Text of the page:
When I was young I always wondered why stories had to involve problems and suffering. Why couldn’t it be the story of people who got on ok, had a laugh, got married, gave a big thumbs-up to the camera/reader? What was with all the problems, arguments, injuries, and death?
I wish I had a good answer. But the truth is, the greater the problem, the faster the pages turn. I have missed very few stops on the Tube because of a book, but I did for Charles Palliser’s Quincunx (try saying that in mixed company) the story of a middle-class boy who, through the complications of a will and five families, descends through the strata of Regency society facing one problem after another. Couldn’t put it down.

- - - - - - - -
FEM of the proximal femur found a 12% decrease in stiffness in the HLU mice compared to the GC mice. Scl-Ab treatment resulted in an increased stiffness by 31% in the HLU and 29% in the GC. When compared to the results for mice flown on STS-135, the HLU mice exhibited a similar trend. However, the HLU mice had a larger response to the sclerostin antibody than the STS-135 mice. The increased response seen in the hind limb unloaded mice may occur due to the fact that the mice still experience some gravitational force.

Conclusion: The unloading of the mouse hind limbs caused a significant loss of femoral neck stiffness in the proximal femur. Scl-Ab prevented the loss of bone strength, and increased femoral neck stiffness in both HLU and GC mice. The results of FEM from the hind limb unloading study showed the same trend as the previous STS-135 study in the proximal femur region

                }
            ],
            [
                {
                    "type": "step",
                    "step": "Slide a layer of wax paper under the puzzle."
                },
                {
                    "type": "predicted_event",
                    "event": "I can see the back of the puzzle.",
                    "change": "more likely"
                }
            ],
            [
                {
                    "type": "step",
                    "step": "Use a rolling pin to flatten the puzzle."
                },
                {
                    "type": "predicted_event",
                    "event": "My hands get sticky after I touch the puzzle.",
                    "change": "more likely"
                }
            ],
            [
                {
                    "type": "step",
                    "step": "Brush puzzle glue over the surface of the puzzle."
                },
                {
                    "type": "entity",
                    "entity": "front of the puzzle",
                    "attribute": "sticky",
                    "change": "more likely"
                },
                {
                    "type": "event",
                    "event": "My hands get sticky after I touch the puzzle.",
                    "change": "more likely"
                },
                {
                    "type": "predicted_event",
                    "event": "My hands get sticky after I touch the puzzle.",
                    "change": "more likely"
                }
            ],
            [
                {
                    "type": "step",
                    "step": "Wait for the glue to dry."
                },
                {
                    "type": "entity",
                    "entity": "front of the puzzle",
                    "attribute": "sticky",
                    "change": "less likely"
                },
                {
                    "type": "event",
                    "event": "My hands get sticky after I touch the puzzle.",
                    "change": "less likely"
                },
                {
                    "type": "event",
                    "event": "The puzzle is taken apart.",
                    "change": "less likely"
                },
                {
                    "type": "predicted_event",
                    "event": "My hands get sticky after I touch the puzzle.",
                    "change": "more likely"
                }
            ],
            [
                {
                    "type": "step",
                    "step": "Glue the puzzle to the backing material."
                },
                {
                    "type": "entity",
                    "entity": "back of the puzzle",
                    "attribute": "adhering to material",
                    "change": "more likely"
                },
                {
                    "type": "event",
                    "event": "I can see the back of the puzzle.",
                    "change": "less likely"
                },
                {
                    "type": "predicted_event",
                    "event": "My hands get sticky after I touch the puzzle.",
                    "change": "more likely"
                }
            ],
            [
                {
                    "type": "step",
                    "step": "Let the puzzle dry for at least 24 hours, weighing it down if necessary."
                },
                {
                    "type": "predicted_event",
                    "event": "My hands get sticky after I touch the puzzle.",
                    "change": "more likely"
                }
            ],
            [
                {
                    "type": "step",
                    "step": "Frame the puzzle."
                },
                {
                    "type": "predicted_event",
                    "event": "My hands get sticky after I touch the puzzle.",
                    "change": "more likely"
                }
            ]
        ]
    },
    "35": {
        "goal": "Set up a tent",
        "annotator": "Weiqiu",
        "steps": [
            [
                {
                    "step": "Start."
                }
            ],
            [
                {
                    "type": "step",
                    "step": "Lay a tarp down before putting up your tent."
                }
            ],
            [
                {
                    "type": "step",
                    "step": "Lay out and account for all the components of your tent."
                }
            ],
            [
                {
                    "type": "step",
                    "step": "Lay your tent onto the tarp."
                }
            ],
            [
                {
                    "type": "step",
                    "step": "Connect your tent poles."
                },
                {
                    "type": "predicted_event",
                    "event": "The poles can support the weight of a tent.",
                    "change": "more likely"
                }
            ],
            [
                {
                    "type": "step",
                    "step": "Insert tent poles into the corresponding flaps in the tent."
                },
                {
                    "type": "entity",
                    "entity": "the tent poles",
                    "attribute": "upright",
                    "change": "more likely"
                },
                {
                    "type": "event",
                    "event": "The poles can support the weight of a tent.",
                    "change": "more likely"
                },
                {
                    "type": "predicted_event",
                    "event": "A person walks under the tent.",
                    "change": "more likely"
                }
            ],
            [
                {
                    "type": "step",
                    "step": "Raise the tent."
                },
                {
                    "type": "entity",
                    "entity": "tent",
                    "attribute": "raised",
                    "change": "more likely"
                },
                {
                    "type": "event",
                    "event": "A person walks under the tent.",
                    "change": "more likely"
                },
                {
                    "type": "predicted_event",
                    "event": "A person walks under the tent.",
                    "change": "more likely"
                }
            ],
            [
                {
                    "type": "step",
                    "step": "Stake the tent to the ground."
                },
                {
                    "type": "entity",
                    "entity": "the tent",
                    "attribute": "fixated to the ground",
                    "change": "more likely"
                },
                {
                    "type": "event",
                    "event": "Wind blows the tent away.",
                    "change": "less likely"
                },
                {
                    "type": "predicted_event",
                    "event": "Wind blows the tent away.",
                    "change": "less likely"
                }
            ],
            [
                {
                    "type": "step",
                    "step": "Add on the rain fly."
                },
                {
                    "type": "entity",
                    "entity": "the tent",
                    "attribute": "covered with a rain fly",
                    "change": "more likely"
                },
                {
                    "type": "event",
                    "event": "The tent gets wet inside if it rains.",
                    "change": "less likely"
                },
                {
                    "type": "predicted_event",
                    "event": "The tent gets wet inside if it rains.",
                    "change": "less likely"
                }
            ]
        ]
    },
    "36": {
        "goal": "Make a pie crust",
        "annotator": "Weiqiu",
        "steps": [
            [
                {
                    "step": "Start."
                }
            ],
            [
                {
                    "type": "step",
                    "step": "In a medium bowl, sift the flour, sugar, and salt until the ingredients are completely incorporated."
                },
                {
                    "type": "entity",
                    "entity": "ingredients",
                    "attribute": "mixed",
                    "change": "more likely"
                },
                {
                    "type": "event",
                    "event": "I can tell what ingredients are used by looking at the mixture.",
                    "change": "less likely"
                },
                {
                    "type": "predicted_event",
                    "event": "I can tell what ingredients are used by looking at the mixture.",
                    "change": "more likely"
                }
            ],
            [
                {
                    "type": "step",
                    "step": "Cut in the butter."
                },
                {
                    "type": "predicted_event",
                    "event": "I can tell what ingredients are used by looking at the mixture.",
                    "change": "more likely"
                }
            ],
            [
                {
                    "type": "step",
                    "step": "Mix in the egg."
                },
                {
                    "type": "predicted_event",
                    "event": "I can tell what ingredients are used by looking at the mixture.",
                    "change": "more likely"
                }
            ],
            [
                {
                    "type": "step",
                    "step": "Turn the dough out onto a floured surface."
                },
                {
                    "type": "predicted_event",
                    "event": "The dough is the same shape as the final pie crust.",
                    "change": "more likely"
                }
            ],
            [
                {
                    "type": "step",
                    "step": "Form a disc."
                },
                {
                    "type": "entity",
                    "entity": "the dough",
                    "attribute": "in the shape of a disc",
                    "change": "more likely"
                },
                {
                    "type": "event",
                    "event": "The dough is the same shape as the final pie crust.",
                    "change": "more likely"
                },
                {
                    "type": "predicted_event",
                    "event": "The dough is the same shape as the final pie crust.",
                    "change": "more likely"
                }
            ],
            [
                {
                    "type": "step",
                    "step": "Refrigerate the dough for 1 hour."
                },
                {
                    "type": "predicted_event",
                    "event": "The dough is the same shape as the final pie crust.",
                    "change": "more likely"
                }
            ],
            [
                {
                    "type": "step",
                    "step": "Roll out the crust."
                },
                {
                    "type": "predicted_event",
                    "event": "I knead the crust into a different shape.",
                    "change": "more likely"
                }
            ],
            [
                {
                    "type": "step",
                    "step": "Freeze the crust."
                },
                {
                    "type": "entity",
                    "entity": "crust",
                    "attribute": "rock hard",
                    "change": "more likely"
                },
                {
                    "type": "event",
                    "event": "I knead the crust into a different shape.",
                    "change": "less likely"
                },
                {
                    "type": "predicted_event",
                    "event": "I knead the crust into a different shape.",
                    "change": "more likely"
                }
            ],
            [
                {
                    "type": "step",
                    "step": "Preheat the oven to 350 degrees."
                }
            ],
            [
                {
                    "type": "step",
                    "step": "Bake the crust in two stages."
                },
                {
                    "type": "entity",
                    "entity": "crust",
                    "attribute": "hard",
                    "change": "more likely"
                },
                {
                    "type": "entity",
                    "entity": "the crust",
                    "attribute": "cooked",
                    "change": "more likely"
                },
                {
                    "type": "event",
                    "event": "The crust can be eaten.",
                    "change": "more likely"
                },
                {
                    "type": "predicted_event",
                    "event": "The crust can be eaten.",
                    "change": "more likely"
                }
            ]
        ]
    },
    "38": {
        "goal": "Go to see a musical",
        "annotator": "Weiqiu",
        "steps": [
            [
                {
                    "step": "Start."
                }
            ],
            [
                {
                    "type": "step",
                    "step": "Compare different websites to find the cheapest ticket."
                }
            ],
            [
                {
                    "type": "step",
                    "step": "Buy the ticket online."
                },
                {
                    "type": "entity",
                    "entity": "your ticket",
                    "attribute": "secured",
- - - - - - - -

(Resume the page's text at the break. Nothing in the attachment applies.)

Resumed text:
In novels the most interesting character is often the one who suffers. Or, in Dostoevsky, the one who sweats the most. Having said that, there are characters who have clearly suffered more than the main character. The sycophantic prisoner in Life of Brian for example, (‘they only hung me the right way up yesterday!’). But the main character is the one whose suffering we are tied into, the one we are walking alongside. The suffering doesn’t have to be Auschwitz-level. Bertie Wooster is always in danger of getting engaged to some determined-but-daffy horror, when all he wants to do is wake up in the morning and eat kippers. But boy does he suffer.